• Lifestyle intervention vs. surgical procedure. In 2004, Hambrecht and colleagues published the results of another study that compared the effectiveness of a lifestyle intervention to a surgical procedure for individuals with stable CAD. Stable CAD refers to a condition where the extent of plaque accumulation in the coronary vasculature does not compromise adequate blood flow at rest; however, during physical exertion and exercise the blockage hampers blood flow enough to cause chest discomfort and other symptoms. One option for patients with stable CAD is stenting, where a small wire mesh is inserted into the anatomical location of the coronary vessel with the biggest blockages. A small balloon is used to expand the wire mesh and alleviate the blockage, thus restoring more normal blood flow through the coronary vessel. A major limitation to stenting is that it can only be applied to the most critical regions blocked in the coronary vessels. Because CAD is a systemic disease of the coronary vasculature, Hambrecht and his group wanted to determine if a lifestyle intervention consisting of three hours per week of moderate-intensity exercise, which hypothetically could provide a more widespread physiological benefit, would be superior to stenting. 
    After one year, the lifestyle-intervention group experienced fewer clinical events (e.g., heart attack or surgical procedure), increased their fitness levels by 16 percent, and did so with a program that was half the cost of the stenting procedure. These provocative findings certainly lend merit to the notion that one can make up the sins of one’s younger years with healthy choices later in life.

  • Stop smoking to increase longevity. A landmark study that observed 34,439 physicians for 50 years found that, on average, lifetime smokers (from adulthood onwards) died 10 years sooner than nonsmokers (Doll et al., 2004). Yet, it was also shown that individuals who quit smoking at either the ages of 40 and 60 years improved their life expectancy by approximately nine and three years, respectively. Smoking cessation at the age of 30 was found to nearly eliminate the risk of dying prematurely. Regrettably, smoking continues to be the leading cause of preventable mortality and disability in the United States (Schroeder and Warner, 2010). Nonetheless, it is encouraging that prevention, in the form of smoking-cessation programs, even when taken up later in life, leads to increased longevity.  

Advising Clients

Clearly there is a tremendous upside to promoting primordial prevention whenever possible. However, given the rampant prevalence of obesity, diabetes and heart disease throughout our present-day society, you will more often be required to employ primary and secondary prevention strategies with your clients. Yet, regardless of how self-destructive clients might have been in earlier decades in terms of their health, you can reassure them that it is never too late to seek redemption by adopting healthy practices.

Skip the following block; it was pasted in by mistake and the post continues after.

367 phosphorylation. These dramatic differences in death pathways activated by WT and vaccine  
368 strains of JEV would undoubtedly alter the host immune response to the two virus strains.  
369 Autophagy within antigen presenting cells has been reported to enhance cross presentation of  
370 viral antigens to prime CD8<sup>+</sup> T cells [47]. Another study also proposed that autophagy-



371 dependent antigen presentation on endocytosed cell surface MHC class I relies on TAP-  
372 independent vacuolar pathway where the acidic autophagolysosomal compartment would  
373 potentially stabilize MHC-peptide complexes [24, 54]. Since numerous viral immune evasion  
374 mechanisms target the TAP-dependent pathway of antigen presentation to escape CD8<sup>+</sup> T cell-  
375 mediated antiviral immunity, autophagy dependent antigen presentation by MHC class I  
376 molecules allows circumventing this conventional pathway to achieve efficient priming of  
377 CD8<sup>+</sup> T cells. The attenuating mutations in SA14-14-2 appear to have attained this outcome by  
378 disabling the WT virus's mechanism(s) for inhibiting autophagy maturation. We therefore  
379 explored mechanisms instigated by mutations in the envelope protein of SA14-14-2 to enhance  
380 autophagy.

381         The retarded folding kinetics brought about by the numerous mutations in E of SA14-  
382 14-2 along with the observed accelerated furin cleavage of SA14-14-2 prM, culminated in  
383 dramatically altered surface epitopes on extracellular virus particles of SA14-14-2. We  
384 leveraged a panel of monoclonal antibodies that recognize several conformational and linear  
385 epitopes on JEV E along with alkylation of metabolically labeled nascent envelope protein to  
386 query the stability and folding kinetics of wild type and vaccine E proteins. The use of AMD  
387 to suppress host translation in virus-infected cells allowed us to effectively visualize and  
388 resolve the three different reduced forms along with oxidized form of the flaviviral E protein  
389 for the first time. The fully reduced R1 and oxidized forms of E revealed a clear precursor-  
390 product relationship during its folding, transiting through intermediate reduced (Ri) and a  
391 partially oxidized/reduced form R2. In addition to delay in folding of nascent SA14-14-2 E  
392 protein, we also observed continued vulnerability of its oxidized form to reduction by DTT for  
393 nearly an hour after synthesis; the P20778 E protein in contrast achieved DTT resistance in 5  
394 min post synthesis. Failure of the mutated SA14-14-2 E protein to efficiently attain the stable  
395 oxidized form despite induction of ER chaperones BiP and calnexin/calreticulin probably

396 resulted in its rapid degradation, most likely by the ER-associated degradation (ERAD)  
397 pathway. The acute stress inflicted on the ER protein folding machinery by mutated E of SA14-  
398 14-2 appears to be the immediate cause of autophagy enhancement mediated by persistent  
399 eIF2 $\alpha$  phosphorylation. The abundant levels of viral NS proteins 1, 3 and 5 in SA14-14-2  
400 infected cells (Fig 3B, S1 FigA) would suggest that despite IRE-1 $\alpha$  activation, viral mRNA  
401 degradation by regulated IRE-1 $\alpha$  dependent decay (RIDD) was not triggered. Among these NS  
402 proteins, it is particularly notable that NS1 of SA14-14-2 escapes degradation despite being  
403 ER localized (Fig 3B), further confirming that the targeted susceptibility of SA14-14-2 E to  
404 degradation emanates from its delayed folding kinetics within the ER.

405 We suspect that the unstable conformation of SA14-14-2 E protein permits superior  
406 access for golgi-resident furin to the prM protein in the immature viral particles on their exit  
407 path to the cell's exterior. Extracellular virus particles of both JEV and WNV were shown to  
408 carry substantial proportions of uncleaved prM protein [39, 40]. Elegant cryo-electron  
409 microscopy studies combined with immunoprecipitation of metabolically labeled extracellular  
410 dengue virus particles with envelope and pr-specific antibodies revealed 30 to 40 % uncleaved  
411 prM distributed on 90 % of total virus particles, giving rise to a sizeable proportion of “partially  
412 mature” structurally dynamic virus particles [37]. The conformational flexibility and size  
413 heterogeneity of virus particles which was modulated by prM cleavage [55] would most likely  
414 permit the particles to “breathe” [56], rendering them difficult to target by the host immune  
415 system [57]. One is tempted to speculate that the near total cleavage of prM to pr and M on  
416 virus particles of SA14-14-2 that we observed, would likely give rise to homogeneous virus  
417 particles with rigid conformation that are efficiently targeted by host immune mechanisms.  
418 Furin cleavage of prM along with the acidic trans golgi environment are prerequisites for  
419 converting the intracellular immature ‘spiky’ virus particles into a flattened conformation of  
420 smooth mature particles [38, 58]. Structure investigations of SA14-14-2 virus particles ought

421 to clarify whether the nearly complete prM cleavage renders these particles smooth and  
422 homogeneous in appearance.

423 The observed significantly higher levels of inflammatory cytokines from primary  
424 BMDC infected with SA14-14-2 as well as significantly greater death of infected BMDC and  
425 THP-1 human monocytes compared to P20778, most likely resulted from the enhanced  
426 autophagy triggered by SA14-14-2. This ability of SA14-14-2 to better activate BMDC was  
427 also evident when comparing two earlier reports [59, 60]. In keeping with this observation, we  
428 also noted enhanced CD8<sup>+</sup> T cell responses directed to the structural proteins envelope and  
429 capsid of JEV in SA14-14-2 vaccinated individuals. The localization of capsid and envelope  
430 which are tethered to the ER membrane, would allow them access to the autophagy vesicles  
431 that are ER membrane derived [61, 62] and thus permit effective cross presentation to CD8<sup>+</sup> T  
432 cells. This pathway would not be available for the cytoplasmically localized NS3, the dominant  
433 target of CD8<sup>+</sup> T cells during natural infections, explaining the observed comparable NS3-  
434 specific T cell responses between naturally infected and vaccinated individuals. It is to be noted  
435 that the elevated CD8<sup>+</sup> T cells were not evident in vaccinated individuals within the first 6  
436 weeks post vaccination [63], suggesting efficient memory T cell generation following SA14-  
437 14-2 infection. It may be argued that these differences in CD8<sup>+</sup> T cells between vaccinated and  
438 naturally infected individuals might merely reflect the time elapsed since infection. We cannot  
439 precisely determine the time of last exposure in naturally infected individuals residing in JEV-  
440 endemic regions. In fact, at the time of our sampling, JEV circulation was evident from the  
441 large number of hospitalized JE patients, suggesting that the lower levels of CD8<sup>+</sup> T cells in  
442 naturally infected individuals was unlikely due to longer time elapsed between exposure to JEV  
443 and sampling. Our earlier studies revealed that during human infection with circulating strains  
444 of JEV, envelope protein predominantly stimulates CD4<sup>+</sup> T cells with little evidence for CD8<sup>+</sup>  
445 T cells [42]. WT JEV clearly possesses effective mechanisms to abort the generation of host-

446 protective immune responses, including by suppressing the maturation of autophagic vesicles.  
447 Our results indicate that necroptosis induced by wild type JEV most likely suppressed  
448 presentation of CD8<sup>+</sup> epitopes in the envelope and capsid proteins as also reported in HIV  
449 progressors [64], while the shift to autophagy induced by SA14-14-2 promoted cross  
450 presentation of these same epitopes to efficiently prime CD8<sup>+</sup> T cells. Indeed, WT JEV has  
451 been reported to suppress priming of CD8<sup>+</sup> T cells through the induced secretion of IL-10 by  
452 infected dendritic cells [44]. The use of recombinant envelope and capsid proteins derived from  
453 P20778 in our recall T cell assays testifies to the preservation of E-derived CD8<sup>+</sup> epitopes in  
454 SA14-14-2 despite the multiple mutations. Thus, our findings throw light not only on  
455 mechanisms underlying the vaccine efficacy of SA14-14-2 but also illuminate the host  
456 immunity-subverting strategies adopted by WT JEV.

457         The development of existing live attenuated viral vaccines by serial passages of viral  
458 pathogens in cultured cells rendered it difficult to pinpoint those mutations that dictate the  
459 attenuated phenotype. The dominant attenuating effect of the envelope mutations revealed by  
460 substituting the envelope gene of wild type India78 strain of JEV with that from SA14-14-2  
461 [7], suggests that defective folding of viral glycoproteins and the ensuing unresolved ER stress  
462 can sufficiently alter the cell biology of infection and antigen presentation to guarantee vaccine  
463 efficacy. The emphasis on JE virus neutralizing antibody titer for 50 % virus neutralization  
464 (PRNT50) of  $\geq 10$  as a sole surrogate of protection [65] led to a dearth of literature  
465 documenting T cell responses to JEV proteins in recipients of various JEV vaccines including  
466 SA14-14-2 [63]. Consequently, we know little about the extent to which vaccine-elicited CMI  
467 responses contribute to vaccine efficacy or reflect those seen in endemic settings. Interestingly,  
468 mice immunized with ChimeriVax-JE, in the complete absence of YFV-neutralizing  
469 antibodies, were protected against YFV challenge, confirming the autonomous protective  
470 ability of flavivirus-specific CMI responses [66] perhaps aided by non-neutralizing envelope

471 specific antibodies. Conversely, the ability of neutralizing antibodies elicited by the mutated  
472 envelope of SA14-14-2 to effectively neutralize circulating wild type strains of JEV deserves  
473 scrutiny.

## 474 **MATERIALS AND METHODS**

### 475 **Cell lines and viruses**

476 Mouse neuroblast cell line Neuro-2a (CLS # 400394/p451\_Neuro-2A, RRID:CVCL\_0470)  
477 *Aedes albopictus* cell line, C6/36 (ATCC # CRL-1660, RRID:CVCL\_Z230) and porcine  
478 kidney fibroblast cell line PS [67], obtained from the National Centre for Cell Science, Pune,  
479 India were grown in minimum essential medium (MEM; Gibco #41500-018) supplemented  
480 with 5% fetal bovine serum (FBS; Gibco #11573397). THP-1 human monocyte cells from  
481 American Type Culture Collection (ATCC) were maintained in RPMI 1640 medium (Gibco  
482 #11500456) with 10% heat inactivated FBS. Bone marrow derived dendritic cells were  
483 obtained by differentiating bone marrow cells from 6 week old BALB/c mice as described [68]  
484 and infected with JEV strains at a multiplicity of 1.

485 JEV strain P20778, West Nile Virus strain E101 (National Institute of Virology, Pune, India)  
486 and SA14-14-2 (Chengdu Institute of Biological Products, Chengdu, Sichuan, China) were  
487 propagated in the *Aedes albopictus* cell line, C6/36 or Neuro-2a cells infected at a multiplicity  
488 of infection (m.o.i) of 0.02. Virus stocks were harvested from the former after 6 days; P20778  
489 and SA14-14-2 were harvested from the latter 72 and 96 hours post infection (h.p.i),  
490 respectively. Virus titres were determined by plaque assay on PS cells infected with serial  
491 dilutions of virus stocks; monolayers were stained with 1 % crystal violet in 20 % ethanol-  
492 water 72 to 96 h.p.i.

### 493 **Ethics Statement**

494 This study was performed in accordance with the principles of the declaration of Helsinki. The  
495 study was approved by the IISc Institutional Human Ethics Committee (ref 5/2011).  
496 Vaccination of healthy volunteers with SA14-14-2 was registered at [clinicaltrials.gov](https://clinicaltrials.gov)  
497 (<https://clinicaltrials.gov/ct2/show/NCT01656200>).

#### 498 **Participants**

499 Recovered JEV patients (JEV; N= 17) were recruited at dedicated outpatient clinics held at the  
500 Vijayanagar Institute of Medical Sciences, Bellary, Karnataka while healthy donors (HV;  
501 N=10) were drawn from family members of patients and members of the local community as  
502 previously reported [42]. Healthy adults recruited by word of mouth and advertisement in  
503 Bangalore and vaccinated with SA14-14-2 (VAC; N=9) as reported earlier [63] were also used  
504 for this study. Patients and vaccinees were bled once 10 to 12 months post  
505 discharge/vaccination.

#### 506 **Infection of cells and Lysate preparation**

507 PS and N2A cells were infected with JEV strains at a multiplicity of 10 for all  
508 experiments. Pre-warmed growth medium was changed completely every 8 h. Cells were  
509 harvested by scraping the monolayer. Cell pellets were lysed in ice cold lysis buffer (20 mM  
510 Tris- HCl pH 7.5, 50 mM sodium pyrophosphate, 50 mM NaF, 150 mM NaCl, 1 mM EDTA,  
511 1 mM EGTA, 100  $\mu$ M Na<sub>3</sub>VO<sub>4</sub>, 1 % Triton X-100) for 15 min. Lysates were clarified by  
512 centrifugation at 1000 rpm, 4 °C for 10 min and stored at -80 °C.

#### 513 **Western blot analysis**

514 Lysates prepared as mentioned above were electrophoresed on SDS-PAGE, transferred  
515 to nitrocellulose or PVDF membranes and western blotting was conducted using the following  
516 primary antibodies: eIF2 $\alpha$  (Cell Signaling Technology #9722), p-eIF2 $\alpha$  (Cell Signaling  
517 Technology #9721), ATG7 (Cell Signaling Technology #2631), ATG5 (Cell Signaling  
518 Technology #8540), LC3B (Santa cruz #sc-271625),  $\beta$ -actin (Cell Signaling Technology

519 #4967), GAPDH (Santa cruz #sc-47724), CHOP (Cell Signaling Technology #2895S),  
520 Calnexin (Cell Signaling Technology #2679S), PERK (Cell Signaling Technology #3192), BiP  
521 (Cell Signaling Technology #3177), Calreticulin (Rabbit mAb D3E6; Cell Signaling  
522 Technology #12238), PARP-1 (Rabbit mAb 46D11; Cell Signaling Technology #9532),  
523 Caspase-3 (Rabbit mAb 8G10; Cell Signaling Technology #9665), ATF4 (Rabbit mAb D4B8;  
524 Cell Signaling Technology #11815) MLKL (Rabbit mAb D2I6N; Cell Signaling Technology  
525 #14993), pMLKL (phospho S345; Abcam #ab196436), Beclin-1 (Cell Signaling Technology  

Berry, J.D. et al. (2012). Lifetime risks of cardiovascular diseaseThe New England Journal of Medicine, 366, 321–329.

Bianchi, C. et al. (2011). Metabolic syndrome in subjects at high risk for type 2 diabetes: The genetic, physiopathology and evolution of type 2 diabetes (GENFIEV) study. Nutrition, Metabolism & Cardiovascular Diseases, 21, 9, 699–705.

Daviglus, M.L. et al. (2004). Favorable cardiovascular risk profile in young women and long-term risk of cardiovascular and all-cause mortality. Journal of the American Medical Association, 292, 13, 1588–1592.

Doll, R. et al. (2004). Mortality in relation to smoking: 50 years’ observations on male British doctors. British Medical Journal, 328, 7455, 1519–1533.

Franklin, B.A. and Cushman, M. (2011). Recent advances in preventive cardiology and lifestyle medicine: A themed series. Circulation, 123, 2274–2283.

Hambrecht, R. et al. (2004). Percutaneous coronary angioplasty compared with exercise training in patients with stable coronary artery disease: A randomized trial. Circulation, 109, 137–1378.

Hambrecht, R. et al. (1993). Various intensities of leisure time physical activity in patients with coronary artery disease: Effects on cardiorespiratory fitness and progression of coronary atherosclerotic lesions. Journal of the American College of Cardiology, 22, 2, 468–477.

Knowler, W.C. et al. (2002). Reduction in the incidence of type 2 diabetes with lifestyle intervention or metformin. The New England Journal of Medicine, 346, 393–403.

Lloyd-Jones, D.M. et al. (2006). Prediction of lifetime risk for cardiovascular disease by risk factor burden at 50 years of age. Circulation, 113, 791–798.

Roger, V.L. et al. (2012). Heart disease and stroke statistics—2012 update: A report from the American Heart Association. Circulation, 125, 1, e2–e220.

Schroeder, S.A. and Warner, K.E. (2010). Don’t forget tobacco. The New England Journal of Medicine, 363, 201–204.


Lance C. Dalleck, Ph.D., is academic coordinator of the cardiac rehabilitation postgraduate program at the University of Auckland in New Zealand. His research interests include improving exercise performance and health outcomes through evidence-based practice, quantifying the energy expenditure of outdoor and non-traditional types of physical activity, and studying historical perspectives in health, fitness and exercise physiology.